By Juan Barquin
By Ciara LaVelle
By George Martinez
By Kat Bein
By Ciara LaVelle
By Travis Cohen
By Carlos Suarez De Jesus
By Monica McGivern
A: Three minutes. Q: How much time is spent viewing a work of art, on average?
For a gallery hopper plied with wine and small talk and distracted by the scene, logic suggests those minutes are even fewer. And one can only guess at the attention span of a viewer at a fair on the scale of Art Basel, with its thousands of artworks on display all over town, and the attendant parties, and just four days to take it all in. Which makes devoting ten minutes to a video, even a seminal work by Rory McEwan (Joseph Beuys in Scotland from 1970), something of a commitment.
But despite the dedication required of an art form that asks more from a viewer than a glance, film and video art are flourishing at Art Basel Miami Beach -- one of the largest and most significant art fairs in the world, officially running from December 4 to 7 (there are other events straddling both sides of those dates). It's evident from the top down; from the Art Video Lounge -- an official Art Basel venue and major component of the fair -- to individual and group shows at galleries and museums around town, to the purely guerrilla tactics of roving bands of artists and their drive-by projections. And it's what gives Art Basel an edge, providing some of the most provocative and least commercial elements of those well-heeled happenings.
The Art Video Lounge, an event at the Miami Beach Library (2100 Collins Ave.) offering more than 50 works that mixes obscure or forgotten pieces by major artists, early influential video art, and current work by young artists, is a counterpoint to the commerce of the fair going on a few blocks away at the Miami Beach Convention Center. And it's also a chance to relax from the bustle, slow down, and actually enjoy some art in a space that encourages viewers to linger.
"The primary impulse was to show the art world things they might not have seen by artists they thought were familiar to them," says Art Video Lounge curator Chrissie Iles, a curator at the Whitney Museum in New York, on the concept behind the show. "And also it's an opportunity to offset the work on display in the art fair by something curated, but that relates to what people are showing that perhaps has a few historical connections."
Housed inside the rotunda of the library, the video lounge is open throughout the fair, day and evening, and includes early work by Derek Jarman with Jubilee, a film about the British punk scene from 1977. Or there's John Baldessari's rarely seen Police Drawing from 1971, in which people try to draw someone who enters a room and leaves again, like a police drawing from memory. There's also Jack Hazan's film from 1974 about artist David Hockney, A Bigger Splash, and Raymond Pettibon's music scene-themed Sir Drone from 1989.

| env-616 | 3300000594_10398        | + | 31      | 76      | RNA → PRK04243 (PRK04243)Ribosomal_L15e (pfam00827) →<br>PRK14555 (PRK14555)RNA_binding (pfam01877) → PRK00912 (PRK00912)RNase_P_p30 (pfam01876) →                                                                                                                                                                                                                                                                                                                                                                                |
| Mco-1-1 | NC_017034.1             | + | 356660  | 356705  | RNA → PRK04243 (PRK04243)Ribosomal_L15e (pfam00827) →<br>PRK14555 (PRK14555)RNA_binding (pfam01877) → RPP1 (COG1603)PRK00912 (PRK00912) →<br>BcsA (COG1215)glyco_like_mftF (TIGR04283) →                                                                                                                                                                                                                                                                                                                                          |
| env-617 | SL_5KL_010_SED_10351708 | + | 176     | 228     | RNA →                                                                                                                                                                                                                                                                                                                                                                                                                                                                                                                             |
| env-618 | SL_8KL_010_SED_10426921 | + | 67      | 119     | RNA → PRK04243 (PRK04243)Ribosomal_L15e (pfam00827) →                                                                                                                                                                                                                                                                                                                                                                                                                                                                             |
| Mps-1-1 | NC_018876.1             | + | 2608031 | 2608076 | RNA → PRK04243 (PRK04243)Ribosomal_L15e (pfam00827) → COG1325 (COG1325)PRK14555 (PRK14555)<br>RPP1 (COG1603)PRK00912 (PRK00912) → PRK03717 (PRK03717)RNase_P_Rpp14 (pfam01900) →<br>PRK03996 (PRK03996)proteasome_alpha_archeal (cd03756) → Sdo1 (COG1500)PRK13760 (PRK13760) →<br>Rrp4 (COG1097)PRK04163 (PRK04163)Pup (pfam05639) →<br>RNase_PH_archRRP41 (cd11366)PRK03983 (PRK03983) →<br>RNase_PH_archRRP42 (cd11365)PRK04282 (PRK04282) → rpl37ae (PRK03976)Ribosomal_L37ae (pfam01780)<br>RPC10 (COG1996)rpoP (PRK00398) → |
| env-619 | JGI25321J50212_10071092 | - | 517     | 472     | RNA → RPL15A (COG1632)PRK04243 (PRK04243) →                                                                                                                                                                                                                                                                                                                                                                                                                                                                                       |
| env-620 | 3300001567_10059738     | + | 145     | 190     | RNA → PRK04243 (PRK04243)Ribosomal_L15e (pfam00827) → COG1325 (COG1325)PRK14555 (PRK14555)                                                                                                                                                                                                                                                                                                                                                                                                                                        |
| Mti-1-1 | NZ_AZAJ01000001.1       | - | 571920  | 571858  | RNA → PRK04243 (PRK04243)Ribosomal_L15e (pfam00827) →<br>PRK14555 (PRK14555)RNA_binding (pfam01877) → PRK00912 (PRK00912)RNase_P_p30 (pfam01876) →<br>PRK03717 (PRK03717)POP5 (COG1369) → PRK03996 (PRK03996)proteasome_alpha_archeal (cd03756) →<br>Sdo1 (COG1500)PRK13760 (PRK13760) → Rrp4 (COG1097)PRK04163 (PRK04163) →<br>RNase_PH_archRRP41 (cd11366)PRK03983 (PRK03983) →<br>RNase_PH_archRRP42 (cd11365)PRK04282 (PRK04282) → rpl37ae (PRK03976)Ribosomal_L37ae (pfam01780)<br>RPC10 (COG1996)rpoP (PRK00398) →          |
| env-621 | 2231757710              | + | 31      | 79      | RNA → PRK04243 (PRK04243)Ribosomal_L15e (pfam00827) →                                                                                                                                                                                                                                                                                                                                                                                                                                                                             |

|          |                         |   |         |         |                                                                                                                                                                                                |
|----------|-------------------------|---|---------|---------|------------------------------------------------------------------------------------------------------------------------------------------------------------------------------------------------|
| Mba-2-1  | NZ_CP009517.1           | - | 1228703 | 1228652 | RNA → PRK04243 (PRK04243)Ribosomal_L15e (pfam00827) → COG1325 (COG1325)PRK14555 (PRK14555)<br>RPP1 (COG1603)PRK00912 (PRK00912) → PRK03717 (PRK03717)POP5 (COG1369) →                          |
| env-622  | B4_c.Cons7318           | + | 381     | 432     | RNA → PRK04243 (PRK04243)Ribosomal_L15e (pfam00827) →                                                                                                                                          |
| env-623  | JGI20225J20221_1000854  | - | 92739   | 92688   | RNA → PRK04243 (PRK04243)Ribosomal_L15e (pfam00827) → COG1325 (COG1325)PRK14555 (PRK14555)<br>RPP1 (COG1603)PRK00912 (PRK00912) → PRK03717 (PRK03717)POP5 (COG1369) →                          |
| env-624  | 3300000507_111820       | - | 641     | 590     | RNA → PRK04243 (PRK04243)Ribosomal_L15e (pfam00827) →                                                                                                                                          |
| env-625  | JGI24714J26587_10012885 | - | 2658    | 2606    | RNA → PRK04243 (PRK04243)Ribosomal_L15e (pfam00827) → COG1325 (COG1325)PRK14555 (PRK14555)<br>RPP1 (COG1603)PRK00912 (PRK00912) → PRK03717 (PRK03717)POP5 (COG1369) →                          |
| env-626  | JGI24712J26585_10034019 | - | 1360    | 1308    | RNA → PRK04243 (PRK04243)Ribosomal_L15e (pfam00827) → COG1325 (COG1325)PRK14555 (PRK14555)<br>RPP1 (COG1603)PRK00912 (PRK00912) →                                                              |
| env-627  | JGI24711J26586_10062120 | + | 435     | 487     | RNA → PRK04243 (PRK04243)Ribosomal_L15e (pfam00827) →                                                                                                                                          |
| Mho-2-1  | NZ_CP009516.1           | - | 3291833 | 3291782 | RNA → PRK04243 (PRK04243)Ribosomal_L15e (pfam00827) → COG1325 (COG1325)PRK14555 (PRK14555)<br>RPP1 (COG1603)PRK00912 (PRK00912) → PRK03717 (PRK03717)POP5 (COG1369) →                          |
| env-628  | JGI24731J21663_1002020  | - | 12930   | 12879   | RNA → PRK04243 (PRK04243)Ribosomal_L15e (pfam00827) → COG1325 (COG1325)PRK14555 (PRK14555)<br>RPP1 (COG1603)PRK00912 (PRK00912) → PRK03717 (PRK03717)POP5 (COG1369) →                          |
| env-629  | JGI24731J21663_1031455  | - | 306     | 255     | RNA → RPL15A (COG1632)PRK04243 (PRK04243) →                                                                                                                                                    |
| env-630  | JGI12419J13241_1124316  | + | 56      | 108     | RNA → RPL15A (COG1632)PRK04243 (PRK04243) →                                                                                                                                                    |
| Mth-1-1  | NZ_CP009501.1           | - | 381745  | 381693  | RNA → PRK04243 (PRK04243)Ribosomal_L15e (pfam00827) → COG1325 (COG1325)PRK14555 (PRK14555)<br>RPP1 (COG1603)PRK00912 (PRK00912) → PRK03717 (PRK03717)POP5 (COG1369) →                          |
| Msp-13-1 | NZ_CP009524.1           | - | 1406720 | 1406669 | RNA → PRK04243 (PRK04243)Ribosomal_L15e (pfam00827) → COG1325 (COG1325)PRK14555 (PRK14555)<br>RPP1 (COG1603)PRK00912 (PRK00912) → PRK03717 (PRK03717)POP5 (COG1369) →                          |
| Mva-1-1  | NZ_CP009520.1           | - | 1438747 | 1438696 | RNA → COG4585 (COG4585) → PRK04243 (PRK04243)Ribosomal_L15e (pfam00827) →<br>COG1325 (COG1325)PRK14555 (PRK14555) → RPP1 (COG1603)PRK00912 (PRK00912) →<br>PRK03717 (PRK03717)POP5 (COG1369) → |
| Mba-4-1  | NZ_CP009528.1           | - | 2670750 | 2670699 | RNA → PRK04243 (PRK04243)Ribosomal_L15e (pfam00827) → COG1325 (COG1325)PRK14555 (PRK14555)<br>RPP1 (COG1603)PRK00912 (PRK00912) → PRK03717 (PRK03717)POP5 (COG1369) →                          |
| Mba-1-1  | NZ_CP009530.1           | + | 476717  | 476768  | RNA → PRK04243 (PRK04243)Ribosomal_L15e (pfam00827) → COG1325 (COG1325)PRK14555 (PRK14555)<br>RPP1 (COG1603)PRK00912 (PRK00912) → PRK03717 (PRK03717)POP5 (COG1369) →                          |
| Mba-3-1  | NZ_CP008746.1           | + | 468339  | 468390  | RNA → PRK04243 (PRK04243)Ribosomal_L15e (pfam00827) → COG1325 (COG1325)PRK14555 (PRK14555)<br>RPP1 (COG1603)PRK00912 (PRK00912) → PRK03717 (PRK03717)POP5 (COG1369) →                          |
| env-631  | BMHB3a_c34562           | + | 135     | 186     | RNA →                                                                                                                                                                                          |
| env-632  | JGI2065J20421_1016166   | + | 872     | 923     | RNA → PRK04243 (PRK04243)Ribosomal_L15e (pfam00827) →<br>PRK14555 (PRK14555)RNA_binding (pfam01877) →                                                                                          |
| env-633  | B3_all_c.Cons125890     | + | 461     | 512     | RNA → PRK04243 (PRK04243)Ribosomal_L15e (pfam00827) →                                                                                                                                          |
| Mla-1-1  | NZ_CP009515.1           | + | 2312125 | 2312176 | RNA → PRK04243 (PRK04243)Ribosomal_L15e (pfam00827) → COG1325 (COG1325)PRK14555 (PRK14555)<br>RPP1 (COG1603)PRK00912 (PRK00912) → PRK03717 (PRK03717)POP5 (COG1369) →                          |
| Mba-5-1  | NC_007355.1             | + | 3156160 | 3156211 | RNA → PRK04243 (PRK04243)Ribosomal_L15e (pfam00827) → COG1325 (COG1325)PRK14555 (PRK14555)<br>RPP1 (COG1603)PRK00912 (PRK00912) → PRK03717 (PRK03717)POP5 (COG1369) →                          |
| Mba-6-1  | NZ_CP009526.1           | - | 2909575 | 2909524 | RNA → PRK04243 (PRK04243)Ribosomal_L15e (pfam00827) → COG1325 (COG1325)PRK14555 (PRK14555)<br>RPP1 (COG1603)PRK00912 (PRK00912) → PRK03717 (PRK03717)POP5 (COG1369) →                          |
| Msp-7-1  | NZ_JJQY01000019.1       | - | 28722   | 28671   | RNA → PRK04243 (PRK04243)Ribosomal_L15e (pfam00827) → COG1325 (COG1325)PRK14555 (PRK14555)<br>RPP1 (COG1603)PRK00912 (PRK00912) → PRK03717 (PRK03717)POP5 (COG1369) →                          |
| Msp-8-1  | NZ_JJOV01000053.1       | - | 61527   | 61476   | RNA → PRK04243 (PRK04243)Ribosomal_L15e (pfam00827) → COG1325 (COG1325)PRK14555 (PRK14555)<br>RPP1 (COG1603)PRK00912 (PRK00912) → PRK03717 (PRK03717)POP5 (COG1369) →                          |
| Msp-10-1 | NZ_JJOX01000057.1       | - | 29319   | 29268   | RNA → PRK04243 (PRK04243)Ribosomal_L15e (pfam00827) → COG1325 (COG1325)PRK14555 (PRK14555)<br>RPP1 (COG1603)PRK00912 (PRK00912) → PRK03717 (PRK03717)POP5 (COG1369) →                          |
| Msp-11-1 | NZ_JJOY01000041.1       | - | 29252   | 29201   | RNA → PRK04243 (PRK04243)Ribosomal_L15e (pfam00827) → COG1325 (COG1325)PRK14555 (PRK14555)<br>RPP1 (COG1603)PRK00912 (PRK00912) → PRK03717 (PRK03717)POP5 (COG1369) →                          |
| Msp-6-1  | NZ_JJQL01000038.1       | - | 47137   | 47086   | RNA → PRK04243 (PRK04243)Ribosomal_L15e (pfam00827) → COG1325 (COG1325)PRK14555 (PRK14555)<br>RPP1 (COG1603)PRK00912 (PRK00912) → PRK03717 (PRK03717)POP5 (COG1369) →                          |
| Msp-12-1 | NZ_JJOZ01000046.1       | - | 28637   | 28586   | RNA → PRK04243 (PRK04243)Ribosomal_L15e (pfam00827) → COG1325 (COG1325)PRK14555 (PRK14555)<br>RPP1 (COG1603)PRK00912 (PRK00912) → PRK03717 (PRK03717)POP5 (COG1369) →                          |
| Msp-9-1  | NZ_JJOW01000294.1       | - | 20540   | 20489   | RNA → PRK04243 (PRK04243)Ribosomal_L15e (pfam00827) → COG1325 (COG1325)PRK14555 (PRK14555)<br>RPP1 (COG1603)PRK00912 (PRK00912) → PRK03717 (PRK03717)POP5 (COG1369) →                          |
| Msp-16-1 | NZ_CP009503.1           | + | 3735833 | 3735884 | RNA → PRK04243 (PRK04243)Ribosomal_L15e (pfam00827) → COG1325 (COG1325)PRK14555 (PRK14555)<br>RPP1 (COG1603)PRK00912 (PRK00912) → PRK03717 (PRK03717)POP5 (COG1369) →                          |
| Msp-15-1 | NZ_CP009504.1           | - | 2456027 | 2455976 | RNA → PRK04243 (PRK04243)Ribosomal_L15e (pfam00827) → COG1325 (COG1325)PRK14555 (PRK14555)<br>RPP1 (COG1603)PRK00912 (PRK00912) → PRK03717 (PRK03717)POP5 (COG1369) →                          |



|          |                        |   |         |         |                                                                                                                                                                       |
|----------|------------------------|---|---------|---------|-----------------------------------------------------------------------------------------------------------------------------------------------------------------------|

"You may see drawings by Raymond [Pettibon] in the art fair, but you'll never see this tape of his that he made," says Iles; that applies to many of the older artists and their rare, early film and video works. It's in contrast with works by young artists like the Beige & Radical Software Group and their Video Graffiti from the Commodore 64 computer.
Of course, there's still the problem of attention span and the length of some of the works, such as the 106-minute film about Hockney. But part of that issue was addressed by the avant-garde architect team of LOT-EK, which designed a space in the rotunda with lounge appeal, encouraging viewers to sit back and relax. "We've been concentrating on how the body relates to the moving image," says LOT-EK architect Guiseppe Lignano. "In the rotunda, you lie down or incline, almost as if on the beach. We call it the foam beach."
From the metaphorical and literal beach, head inland to the hammocks for the Fresh Video Lounge by Rocket Projects gallery, as part of the Wynwood Art District gallery walk (or trolley ride) on Thursday, December 4. Under no specific theme, the show combines the works of six young and emerging Miami artists, with pieces ranging from abstract to figurative video; it is housed in a large warehouse space with hammocks spread around to encourage lingering. Rocket will be open December 4 through 6 from 9:00 a.m. to 7:00 p.m., 3440 N. Miami Ave.
Besides the lounges and group shows, there are several solo video art exhibits going on during Art Basel, including one from local artist Wendy Wischer. Her projected work Full to Wailing and Back Again-- a piece that imitates the three-quarter moon that will be in the sky the same night of the show -- will be shown at Miami Art Museum's VIP party on December 4. Another Wischer piece, Under the Spell of Maya, is a continuously looped video projection of an eight-foot human eye, iris and pupil, that slowly dilates and contracts; a blue eye made to have planetary references. The work will be on display from 7:00 to 10:00 p.m. on December 4, in the Design District at 160 NE 40th St.
In the solo show of New York-based artist Sarah Beddington, her studied video pieces of everyday life slowly unfold in sometimes bizarre ways, especially since the settings are public spaces in New York, Miami, and Las Vegas. Lupita, shot on a platform of a New York subway, is of a dancing street performer and his life-size partner, but viewed from an angle that reexamines an otherwise common scene. It's the same with her series of mechanical pets sold in the malls of Las Vegas, as well as the street scenes of Miami Beach alleyways, familiar situations that have far more to offer than a passing glance. Her show runs 7:00 p.m. to midnight on December 4 at 47 NE 36th St., then through December 8.